The Answers to All Your Questions

What is a Court Appointed Special Advocate (CASA) volunteer?

A CASA volunteer is a community volunteer who is recruited and trained to act as a first-hand expert and appointed as an officer of the court to advocate for the individual needs of specific children in the Department of Child Services system due to abuse or neglect, giving them the best possible chance at a hopeful future. A Juvenile Court Judge appoints CASAs to represent the best interest of specific abused or neglected children in court proceedings. A CASA volunteer will work with attorneys, mental health professionals, and service providers to meet the needs of these children and help them find safe permanent homes.

How are CASA volunteers assigned to cases?

Our judges assign SEI Voices for Children at all the initial hearings involving our children. First, our program triages the child's case through a Wellness Program Score sheet. Then the Lead Volunteer Coordinator assigns it to a CASA volunteer that will best serve that specific child.

How many children are appointed CASA volunteers?

The 2020 report stated that 93,225 CASA/GAL volunteers advocated for 243,236 children in the system nationally. For example, in Ripley County, Indiana, SEI Voices for children served over 160 child victims in 2020.

What are the qualifications to become a CASA volunteer?

  • Must be 21 years of age, pass a background check, and complete 30 hours of initial training provided by our program.
  • Commitment: Volunteer Advocates devote a minimum of 10 hours per month to case activities, including visiting with the child; participating in meetings and court hearings; communicating with professionals, family members, and caregivers; and documenting visits and advocacy progress. Court appearances and some case activities (e.g., making contact with caseworkers, teachers, therapists, etc.) require availability during regular workweek hours. Court hearings are scheduled weeks or months in advance, which helps with planning. The vast majority of cases last one to two years and the amount of time spent on a case per month typically ranges between 10-20 hours.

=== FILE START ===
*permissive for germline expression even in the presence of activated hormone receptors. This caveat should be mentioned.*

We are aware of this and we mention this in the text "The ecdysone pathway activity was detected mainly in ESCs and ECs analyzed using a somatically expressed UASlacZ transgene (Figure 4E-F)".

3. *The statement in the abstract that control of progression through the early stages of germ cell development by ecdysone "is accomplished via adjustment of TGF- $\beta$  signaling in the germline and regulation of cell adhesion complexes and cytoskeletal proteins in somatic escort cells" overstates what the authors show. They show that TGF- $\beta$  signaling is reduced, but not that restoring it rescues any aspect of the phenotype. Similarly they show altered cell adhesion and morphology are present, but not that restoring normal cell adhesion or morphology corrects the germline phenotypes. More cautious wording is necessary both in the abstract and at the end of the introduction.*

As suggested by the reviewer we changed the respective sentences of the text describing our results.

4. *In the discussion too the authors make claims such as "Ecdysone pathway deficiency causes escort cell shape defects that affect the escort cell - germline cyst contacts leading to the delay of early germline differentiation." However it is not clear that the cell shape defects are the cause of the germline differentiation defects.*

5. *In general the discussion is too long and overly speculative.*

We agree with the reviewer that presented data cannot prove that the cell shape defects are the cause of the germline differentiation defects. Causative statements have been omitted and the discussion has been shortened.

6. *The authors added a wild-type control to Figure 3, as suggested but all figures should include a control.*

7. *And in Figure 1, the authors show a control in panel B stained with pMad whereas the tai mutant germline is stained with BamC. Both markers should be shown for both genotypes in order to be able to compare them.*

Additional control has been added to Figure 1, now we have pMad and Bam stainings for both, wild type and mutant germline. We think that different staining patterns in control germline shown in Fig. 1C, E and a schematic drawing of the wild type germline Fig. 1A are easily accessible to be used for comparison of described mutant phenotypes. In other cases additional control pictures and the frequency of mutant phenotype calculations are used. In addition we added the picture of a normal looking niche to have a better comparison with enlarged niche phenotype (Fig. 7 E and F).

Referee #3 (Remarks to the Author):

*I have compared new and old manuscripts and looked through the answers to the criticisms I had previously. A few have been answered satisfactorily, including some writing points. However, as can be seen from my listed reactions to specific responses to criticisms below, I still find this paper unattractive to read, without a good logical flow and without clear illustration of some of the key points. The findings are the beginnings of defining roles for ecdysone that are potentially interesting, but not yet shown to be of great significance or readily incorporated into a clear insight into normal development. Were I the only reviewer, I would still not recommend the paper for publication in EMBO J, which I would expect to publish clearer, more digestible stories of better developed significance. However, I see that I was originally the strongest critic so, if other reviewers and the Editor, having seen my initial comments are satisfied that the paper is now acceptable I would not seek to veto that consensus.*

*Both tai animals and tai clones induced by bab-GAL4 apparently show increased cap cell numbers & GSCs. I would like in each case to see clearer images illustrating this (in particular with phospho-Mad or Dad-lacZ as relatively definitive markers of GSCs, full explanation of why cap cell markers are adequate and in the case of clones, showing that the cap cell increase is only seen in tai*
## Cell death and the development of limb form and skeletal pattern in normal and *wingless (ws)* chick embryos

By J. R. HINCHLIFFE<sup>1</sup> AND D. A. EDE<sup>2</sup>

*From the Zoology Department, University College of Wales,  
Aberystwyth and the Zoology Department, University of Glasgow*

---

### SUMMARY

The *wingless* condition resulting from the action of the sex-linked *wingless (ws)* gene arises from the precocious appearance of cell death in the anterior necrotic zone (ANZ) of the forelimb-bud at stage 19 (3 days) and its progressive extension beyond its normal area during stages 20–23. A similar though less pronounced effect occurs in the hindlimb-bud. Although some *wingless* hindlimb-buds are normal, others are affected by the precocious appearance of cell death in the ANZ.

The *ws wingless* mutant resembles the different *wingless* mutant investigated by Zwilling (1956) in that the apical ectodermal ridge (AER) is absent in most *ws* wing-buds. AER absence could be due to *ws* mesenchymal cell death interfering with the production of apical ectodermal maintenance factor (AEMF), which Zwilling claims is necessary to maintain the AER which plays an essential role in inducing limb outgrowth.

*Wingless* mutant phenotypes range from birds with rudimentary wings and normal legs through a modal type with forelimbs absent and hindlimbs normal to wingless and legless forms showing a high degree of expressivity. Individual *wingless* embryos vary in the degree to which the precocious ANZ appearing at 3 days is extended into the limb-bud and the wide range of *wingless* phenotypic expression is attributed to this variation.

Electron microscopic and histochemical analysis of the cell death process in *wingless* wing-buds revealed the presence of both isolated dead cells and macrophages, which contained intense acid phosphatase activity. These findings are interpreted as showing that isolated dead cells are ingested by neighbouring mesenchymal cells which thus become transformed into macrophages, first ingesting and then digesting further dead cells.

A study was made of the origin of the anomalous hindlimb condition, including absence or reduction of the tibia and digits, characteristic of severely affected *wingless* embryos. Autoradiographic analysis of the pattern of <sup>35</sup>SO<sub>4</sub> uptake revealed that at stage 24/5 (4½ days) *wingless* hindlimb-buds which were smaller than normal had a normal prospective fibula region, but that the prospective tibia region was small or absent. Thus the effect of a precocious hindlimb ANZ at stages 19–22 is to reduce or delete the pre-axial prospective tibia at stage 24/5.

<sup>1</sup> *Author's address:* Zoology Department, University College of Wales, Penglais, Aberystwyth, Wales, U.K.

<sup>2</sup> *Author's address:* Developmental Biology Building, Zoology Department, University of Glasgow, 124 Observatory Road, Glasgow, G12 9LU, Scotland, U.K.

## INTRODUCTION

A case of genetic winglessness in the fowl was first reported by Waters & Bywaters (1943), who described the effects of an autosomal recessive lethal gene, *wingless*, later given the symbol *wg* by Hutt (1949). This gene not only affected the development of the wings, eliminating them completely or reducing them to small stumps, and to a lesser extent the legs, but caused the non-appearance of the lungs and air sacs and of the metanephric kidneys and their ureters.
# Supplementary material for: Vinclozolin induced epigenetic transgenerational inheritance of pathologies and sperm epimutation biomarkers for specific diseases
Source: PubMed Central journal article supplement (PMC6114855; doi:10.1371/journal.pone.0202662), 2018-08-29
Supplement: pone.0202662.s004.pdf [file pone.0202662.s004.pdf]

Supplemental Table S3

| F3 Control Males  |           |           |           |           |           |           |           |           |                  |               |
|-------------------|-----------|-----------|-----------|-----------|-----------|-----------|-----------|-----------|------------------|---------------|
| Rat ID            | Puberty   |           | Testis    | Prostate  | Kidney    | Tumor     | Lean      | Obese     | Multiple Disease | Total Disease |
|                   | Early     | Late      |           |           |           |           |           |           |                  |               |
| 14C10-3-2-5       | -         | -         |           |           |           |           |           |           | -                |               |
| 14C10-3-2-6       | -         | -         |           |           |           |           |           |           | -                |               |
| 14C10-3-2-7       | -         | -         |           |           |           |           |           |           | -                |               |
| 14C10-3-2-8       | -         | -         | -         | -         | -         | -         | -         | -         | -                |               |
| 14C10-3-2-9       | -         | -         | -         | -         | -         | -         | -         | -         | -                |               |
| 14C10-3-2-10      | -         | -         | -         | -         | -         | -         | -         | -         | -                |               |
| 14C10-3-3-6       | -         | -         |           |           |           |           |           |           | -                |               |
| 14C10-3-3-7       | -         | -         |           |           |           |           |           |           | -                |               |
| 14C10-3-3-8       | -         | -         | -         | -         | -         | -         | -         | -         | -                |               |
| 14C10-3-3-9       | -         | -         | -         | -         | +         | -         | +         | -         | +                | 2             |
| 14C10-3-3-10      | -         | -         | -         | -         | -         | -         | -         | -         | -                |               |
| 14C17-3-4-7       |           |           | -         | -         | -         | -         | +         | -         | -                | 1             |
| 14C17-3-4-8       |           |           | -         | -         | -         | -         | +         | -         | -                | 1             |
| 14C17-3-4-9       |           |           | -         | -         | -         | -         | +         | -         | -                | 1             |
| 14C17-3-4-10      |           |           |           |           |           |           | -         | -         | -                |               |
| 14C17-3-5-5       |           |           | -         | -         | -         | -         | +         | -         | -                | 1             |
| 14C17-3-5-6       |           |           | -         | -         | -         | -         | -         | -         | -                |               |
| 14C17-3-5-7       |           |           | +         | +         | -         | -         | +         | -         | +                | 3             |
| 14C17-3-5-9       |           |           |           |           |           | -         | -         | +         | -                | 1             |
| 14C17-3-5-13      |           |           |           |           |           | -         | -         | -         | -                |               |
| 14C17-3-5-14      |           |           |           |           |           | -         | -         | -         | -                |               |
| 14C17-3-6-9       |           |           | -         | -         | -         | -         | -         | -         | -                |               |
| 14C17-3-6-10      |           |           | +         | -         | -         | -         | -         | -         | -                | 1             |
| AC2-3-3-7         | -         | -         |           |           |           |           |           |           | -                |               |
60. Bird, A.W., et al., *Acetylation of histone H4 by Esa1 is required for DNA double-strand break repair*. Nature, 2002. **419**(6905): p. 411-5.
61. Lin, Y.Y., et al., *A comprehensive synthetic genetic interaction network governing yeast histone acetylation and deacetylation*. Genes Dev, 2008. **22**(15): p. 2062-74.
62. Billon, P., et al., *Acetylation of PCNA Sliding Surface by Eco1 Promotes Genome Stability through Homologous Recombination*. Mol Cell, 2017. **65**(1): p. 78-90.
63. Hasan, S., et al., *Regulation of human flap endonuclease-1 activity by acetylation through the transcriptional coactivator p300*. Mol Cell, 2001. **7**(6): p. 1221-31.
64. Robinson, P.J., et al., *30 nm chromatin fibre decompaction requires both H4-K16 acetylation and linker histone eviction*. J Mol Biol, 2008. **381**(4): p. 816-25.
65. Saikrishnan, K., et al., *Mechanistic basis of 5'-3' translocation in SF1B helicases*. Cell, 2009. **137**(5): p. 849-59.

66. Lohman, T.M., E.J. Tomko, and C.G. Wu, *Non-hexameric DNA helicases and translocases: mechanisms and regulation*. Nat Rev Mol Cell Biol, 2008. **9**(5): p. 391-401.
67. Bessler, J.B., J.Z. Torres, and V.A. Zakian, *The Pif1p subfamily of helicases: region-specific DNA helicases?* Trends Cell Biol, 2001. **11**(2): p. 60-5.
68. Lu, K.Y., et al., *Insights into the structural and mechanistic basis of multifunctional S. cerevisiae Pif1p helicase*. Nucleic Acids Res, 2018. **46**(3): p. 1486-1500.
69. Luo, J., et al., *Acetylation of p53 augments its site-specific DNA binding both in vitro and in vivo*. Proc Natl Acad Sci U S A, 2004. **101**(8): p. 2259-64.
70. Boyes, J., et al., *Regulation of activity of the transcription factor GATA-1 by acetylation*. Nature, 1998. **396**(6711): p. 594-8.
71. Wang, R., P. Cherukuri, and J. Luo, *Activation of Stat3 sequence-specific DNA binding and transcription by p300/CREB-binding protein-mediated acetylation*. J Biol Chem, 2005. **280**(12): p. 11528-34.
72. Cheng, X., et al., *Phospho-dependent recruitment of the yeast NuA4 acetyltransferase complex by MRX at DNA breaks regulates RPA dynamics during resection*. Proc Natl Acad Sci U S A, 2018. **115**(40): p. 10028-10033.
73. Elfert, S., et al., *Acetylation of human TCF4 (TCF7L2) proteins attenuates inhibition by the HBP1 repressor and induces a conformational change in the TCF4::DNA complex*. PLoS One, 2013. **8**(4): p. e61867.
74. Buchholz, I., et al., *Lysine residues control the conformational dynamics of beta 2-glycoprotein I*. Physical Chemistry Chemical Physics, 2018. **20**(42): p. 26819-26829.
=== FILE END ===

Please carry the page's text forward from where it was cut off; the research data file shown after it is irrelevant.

• Objectivity: Volunteers research case records and speak to everyone involved in a child's life, including their family members, teacher, doctor, lawyer, social workers, and others. Their third-party evaluations are based on facts, evidence, and testimonies.
  • Communication skills: Once volunteers have thoroughly evaluated a case, they prepare a written report outlining their recommendation for the child's placement and services needed. They must be able to speak with authority as they present their rationale to the judge in court.

What is the process for becoming a CASA volunteer?

CASA volunteers undergo a thorough training and development program that consists of at least 30 hours of pre-service training, followed by 12 hours of yearly in-service training. Volunteers learn about courtroom procedures from the principals in the system – judges, lawyers, social workers, court personnel, and others. CASA volunteers also learn effective advocacy techniques for children. In addition, they are educated about specific topics ranging from seminars on child sexual abuse to discussions on early childhood development and adolescent behavior.